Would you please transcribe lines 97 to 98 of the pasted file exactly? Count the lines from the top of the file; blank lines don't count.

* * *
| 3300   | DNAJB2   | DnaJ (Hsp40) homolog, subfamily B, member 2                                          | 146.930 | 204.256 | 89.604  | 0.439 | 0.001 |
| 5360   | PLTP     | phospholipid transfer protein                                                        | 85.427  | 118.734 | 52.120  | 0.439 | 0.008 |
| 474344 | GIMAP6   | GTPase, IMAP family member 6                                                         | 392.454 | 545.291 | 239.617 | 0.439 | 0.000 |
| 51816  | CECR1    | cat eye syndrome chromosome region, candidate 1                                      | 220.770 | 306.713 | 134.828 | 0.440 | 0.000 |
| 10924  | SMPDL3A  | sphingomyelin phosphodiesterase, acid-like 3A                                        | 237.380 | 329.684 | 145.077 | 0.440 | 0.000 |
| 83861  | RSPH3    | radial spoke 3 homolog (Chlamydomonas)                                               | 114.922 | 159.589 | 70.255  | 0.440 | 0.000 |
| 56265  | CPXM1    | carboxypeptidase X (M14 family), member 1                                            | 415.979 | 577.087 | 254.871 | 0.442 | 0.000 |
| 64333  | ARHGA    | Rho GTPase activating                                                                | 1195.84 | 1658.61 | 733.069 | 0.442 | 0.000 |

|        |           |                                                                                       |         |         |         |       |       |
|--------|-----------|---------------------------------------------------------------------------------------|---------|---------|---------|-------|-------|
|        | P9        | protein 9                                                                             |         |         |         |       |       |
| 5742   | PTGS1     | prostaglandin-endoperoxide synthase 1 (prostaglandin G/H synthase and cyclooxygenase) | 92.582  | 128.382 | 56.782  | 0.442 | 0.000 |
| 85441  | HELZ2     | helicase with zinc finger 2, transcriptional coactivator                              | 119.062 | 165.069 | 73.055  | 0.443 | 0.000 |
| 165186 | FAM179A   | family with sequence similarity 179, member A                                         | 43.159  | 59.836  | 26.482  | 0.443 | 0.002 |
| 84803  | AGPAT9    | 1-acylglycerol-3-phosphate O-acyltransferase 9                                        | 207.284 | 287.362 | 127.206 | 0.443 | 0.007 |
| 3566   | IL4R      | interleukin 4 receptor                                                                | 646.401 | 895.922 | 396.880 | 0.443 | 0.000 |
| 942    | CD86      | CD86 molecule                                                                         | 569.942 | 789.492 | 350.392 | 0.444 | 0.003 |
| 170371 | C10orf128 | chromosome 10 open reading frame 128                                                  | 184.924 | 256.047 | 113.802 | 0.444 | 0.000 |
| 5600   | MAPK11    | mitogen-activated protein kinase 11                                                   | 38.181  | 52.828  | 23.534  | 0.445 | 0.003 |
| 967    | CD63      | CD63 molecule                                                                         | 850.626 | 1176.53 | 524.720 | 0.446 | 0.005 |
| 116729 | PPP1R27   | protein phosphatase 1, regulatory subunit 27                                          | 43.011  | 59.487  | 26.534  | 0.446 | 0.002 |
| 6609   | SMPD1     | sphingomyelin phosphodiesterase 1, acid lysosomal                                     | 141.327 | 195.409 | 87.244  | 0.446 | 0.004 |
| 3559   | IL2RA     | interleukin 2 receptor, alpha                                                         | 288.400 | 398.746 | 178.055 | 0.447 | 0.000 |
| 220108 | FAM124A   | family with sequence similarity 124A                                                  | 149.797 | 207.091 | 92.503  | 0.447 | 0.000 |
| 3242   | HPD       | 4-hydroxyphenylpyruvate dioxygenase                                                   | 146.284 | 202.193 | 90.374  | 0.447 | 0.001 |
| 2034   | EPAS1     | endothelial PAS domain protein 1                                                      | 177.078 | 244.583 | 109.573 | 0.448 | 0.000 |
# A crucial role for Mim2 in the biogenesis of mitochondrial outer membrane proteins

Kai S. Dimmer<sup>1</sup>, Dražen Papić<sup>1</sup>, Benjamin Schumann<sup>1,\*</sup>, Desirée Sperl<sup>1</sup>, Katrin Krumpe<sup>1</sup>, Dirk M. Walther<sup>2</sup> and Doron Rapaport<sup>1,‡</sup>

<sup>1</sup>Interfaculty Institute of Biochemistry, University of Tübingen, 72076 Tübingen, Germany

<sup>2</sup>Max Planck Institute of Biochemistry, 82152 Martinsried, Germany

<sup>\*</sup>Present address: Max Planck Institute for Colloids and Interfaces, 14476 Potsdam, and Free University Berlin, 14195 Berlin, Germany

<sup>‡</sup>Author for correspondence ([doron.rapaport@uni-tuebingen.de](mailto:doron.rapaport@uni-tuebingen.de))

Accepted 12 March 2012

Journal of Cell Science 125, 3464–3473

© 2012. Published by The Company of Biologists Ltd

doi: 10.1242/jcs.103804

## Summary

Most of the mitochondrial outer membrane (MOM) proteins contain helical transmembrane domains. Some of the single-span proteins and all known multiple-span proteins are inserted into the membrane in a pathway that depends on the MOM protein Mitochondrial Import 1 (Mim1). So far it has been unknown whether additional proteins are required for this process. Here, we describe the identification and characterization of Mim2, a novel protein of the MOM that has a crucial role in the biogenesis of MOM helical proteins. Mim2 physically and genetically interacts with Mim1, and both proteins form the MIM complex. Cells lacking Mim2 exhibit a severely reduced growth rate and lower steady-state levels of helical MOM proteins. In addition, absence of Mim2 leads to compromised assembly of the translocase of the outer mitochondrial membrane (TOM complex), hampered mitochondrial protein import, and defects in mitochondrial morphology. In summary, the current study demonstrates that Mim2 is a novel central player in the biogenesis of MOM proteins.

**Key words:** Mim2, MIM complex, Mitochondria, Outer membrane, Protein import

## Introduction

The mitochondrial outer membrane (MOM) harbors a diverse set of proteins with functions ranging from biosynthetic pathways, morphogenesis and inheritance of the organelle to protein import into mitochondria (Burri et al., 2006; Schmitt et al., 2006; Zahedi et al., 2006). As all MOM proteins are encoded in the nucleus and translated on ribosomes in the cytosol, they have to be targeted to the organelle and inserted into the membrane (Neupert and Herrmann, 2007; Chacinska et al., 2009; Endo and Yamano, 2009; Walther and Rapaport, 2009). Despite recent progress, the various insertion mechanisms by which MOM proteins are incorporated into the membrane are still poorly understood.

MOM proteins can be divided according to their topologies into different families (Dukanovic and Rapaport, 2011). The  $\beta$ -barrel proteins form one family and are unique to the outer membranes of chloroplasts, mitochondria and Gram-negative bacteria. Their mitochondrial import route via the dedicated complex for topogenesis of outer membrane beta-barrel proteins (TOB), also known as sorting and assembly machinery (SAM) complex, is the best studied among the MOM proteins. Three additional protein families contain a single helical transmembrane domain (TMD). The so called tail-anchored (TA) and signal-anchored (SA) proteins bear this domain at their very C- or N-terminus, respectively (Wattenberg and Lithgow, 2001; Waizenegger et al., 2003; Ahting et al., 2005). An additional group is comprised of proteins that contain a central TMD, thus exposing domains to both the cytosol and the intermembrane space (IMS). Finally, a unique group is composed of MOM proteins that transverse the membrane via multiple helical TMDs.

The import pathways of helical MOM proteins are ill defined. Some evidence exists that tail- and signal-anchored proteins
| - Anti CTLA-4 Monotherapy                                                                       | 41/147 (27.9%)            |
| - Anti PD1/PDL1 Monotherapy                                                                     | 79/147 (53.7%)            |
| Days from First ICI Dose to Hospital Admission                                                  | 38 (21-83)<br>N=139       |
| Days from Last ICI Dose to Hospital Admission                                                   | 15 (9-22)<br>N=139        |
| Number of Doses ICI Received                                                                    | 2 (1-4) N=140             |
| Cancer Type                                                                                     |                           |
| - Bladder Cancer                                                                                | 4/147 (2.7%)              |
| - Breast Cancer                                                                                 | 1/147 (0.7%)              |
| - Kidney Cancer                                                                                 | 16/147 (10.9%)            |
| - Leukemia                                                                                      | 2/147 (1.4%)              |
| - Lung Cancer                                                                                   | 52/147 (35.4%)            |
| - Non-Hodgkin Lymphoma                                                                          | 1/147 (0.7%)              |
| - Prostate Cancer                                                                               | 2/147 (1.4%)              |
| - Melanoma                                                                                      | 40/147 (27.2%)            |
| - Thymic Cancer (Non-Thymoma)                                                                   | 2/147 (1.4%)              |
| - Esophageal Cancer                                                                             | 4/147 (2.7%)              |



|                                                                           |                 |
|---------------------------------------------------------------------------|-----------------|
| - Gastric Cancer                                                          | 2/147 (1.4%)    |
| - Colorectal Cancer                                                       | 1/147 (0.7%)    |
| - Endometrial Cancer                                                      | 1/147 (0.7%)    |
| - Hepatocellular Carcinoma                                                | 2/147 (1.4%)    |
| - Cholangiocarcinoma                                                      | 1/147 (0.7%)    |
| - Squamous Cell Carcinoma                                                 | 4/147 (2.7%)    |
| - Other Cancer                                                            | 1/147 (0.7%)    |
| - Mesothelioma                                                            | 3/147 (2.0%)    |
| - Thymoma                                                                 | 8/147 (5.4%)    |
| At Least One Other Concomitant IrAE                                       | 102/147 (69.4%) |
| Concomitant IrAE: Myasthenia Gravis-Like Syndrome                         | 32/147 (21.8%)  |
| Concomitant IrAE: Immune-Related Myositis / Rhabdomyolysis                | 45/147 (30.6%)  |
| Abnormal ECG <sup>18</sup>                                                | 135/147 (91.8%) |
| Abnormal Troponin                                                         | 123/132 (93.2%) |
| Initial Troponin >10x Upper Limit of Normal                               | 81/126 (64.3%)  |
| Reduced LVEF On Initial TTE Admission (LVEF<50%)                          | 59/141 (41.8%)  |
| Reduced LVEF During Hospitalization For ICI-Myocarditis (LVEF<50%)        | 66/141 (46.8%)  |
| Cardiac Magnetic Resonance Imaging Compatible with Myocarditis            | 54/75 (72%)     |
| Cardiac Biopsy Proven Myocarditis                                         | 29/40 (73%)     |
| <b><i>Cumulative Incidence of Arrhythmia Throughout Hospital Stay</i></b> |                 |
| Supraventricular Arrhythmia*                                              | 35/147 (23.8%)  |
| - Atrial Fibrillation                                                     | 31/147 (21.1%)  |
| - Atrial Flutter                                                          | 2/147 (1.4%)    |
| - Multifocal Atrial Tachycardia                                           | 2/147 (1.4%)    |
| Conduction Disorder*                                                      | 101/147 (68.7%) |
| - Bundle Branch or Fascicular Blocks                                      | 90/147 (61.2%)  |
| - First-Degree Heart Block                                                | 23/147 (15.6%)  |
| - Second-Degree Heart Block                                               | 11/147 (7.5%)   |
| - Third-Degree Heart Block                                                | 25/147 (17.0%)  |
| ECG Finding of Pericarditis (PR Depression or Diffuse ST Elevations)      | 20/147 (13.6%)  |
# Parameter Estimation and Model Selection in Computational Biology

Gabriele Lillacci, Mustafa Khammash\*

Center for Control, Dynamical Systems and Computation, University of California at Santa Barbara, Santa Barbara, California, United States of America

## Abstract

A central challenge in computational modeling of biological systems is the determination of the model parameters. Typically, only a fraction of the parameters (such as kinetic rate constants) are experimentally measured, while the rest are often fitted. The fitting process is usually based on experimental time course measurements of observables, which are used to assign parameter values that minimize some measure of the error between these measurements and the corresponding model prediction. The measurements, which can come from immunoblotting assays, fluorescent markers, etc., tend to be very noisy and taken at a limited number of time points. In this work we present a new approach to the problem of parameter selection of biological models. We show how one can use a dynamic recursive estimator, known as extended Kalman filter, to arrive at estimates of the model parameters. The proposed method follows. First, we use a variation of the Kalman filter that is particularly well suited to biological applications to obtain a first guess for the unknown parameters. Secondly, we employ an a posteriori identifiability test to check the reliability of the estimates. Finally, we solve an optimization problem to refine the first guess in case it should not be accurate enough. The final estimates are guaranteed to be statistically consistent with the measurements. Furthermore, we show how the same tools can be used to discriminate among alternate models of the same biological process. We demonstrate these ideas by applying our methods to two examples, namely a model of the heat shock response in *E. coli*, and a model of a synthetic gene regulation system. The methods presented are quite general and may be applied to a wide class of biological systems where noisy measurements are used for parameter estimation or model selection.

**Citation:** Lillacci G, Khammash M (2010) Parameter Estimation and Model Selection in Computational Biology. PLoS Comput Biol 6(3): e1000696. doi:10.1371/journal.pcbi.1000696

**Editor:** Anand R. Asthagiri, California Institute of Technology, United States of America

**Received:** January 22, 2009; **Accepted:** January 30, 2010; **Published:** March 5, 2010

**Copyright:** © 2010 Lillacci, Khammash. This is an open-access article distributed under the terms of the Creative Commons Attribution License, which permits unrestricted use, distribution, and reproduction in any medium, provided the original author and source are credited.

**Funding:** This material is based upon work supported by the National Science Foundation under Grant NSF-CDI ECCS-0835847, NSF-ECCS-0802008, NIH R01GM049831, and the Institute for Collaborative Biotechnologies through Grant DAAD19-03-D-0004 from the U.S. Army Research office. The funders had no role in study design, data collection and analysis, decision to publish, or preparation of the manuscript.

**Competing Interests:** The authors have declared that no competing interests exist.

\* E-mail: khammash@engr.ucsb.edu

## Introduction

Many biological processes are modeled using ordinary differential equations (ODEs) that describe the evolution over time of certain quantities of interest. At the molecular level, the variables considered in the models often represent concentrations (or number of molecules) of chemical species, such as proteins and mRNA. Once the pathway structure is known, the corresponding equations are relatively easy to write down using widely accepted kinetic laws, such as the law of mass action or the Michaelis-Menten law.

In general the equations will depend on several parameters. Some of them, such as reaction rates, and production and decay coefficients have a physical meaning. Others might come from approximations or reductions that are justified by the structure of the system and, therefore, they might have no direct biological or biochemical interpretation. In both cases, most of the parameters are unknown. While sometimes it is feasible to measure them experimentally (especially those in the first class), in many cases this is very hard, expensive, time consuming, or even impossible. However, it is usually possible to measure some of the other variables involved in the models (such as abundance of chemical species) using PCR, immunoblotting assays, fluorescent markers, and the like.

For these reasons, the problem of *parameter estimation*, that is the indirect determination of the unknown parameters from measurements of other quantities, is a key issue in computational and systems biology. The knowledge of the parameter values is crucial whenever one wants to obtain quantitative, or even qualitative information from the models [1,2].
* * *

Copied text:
**Citation:** Lillacci G, Khammash M (2010) Parameter Estimation and Model Selection in Computational Biology. PLoS Comput Biol 6(3): e1000696. doi:10.1371/journal.pcbi.1000696

**Editor:** Anand R. Asthagiri, California Institute of Technology, United States of America